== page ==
Three examples illustrate distinct aspects of the potential for conservation criminology to provide scientific and policy insights: illegal trade, conflict timber, and unsustainable fishing in conservation zones. Illegal trafficking in species ranks third in illicit monies generated by international commerce behind trade in drugs and arms and has been estimated to be worth US$20 billion annually (Name 2009). Black-market trade in species and products such as tortoise shell jewelry from Hawksbill sea turtles (Eretmochelys imbricata) or bear gall from Asiatic black bears (Ursus thibetanus) may be minimized by application of forensics or scientific tests and techniques associated with crime detection. Novel methods for extracting mitochondrial DNA allow for identifying the sources (e.g., geographic, species) of traded items and informing more precise allocation of monitoring and enforcement resources. Forensics can offer insight into, for example, the spatial distribution of illegal trade, origin of poached species, characteristics of poachers and traders, and effective intelligence operations and investigations. Examples of the latter include the optimal way to collect and share information about conservation crime prevention and how museums and universities can maintain a secure chain of custody of confiscated products and adequate security protocols to support prosecution of illegal acts during criminal proceedings. The integration of this information under the conservation criminology umbrella allows for assessment of risk to humans and other species, the degree of monetary benefit poaching extends to those who engage in it, and the extent to which various policy actions may abate risks and illegal activity.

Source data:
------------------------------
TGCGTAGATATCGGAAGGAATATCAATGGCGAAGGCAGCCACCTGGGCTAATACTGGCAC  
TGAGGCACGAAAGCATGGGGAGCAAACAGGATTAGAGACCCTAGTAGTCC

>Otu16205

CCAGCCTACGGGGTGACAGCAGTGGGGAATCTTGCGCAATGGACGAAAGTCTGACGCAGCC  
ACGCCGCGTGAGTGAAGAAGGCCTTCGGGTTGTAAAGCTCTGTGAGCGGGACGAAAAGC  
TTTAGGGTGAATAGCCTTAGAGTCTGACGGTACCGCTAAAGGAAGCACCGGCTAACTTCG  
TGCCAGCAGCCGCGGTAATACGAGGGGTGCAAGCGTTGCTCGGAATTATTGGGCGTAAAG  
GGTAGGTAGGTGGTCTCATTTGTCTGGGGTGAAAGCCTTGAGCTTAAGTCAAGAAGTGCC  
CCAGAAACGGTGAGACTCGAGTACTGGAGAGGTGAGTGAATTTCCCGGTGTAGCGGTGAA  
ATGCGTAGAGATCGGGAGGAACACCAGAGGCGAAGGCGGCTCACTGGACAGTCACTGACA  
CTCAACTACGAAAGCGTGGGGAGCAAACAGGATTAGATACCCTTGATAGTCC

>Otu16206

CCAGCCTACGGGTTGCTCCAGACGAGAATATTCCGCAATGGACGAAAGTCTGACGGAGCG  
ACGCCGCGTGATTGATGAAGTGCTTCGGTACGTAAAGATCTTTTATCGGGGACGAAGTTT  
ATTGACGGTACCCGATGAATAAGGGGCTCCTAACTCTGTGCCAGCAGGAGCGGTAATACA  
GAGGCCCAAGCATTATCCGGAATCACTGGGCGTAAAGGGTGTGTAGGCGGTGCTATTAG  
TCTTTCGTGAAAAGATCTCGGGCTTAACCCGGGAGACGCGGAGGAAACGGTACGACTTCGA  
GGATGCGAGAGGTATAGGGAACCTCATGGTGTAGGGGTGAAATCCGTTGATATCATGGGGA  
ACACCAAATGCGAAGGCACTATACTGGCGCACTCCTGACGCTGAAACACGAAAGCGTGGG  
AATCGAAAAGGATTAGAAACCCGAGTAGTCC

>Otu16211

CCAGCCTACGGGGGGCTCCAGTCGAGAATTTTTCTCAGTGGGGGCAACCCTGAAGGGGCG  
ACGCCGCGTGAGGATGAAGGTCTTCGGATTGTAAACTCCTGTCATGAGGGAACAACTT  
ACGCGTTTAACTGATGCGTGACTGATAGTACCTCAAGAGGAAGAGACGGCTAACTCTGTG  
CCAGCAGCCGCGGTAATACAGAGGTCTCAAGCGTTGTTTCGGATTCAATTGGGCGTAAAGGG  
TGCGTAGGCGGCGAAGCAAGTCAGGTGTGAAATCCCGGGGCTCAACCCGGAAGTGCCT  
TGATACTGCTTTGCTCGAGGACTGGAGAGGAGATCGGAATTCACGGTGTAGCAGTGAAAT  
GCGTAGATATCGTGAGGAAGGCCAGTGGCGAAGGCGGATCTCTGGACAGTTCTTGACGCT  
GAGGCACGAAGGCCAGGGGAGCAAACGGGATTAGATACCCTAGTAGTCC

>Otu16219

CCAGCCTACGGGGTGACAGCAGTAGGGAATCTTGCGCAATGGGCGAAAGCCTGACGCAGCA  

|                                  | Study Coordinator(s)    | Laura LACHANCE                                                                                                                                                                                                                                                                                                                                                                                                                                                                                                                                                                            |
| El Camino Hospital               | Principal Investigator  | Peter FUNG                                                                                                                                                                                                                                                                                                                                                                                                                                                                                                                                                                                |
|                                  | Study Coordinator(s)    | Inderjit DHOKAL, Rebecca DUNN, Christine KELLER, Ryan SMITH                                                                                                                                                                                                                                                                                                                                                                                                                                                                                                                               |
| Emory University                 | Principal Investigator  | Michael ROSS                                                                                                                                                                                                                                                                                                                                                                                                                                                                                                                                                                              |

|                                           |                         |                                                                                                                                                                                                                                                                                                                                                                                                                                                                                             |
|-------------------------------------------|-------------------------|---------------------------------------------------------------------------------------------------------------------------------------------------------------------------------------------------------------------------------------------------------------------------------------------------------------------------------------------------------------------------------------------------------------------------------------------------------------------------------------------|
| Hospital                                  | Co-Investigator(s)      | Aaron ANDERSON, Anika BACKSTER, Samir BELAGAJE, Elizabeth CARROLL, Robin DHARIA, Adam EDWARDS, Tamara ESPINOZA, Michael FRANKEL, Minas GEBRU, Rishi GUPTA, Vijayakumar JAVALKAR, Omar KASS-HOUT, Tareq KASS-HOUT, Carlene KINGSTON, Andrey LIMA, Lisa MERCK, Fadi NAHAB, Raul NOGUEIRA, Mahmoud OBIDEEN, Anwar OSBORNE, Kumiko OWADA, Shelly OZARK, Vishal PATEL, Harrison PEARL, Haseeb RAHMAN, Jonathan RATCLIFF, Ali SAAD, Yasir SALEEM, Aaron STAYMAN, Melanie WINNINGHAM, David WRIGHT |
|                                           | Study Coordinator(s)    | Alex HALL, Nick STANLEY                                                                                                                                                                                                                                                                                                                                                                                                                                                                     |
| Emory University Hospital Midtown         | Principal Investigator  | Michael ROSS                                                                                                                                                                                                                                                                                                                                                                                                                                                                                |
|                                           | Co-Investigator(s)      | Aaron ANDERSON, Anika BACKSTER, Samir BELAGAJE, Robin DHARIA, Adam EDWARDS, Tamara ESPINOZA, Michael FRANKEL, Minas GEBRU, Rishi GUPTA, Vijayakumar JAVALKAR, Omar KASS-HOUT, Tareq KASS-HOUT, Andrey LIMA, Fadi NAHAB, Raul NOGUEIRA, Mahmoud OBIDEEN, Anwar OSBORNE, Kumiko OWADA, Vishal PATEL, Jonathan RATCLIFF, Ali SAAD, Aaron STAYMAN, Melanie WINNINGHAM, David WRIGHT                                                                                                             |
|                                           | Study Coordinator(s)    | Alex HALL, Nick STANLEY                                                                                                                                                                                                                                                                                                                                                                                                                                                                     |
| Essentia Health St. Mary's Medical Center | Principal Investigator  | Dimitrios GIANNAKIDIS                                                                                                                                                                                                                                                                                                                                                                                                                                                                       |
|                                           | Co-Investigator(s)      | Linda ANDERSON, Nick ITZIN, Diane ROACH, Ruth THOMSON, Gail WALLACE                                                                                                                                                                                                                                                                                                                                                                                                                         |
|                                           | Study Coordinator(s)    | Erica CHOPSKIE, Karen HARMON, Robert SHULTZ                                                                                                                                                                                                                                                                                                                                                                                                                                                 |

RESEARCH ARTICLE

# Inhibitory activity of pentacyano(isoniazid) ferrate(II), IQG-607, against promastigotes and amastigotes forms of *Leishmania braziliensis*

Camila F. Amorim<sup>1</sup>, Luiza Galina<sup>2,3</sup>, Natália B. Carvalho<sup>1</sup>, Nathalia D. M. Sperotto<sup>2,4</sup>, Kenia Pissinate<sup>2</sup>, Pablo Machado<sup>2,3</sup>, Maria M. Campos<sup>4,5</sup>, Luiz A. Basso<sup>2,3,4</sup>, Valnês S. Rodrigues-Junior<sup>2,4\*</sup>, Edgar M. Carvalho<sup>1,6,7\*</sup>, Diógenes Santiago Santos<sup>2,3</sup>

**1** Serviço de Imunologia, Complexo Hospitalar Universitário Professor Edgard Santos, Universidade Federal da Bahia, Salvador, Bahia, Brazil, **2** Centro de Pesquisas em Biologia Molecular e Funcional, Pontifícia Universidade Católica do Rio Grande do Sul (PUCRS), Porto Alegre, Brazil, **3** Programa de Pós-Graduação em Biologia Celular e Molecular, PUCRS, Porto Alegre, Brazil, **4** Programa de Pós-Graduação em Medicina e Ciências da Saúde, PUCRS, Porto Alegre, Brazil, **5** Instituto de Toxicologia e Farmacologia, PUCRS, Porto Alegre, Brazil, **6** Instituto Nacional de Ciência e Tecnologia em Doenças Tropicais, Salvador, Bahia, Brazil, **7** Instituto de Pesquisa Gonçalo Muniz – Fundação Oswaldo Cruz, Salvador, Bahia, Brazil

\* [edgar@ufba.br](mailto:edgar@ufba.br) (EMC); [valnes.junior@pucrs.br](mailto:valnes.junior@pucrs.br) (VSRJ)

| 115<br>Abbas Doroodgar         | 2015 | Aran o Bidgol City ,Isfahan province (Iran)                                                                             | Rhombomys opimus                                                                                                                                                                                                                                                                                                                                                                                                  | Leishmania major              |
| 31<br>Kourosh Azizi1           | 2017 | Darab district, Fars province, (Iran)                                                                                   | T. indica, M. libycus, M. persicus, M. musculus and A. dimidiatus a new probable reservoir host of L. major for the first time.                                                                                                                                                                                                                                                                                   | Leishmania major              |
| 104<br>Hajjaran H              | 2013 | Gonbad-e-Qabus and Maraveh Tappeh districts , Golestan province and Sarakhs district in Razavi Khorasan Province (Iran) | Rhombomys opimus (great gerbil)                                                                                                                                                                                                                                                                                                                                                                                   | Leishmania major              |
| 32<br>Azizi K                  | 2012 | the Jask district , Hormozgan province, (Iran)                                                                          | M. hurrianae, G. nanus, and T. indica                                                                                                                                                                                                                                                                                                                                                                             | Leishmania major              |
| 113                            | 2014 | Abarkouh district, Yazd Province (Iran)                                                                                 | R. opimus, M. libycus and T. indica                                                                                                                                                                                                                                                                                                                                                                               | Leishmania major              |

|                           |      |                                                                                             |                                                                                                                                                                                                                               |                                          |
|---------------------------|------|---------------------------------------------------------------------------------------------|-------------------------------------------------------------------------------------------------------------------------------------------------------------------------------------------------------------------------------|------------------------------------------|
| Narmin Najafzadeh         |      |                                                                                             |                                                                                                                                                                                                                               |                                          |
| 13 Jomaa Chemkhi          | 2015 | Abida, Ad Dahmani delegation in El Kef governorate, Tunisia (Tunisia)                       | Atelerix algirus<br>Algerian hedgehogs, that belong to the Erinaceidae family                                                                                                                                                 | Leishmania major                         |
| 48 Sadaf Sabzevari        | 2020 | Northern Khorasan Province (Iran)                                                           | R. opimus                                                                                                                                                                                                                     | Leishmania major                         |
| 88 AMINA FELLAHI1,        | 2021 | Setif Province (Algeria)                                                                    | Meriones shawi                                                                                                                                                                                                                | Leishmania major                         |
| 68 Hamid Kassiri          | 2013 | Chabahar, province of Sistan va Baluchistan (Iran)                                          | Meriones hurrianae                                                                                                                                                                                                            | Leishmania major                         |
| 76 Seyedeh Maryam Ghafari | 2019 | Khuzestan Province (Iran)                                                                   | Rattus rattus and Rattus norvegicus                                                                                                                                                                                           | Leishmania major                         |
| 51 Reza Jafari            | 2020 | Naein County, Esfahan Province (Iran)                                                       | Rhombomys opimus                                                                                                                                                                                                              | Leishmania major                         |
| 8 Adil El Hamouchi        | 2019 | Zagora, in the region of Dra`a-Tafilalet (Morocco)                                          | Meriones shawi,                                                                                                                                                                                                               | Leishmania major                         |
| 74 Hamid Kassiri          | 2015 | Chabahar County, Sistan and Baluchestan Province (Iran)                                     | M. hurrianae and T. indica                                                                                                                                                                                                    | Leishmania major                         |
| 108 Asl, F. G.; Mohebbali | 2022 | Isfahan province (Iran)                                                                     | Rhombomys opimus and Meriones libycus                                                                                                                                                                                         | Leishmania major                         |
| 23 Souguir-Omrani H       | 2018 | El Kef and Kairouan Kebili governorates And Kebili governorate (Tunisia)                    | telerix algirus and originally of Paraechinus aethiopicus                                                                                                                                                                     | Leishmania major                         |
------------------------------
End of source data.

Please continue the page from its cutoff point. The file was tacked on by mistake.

The extent, role, and effects of organized crime syndicates in extracting commercially, ecologically, and culturally important hardwoods from protected areas (i.e., “conflict” timber) is thought to be increasing. For example, illegal harvesting of Malagasy rosewood, ebony, and pallisander trees (Dalbergia and Diospyros species) destined to become musical instruments or furniture for luxury Chinese and U.S. import markets, is booming (Global Witness and Environmental Investigation Agency 2010). Evidence of the role of organized crime in deforestation includes a high degree of planning (e.g., conscription and outfitting of poachers) and sophisticated smuggling techniques (e.g., counterfeit documents, cargo concealment) for cross-border movement. Conservation may be aided by insight into, for example, the social context and networks within which organized crime occurs and operates and how syndicates respond to regulatory shifts. In many instances, crime rings illegally use the infrastructure, actors, and networks legal traders use (Naylor 2005). Defining, describing, and regulating this divide between illegal and legal activity is essential for effective conservation action. Numerous institutions would benefit from deeper understanding of ways to identify and educate consumers about the effects of their behavior on the species they harvest, transport, or purchase either knowingly or unknowingly from or for “timber barons.” Finally, conservation criminology can elucidate the ability of community groups to collaborate with law enforcement personnel in policing and enforcing civil, regulatory, legal, or normative rules.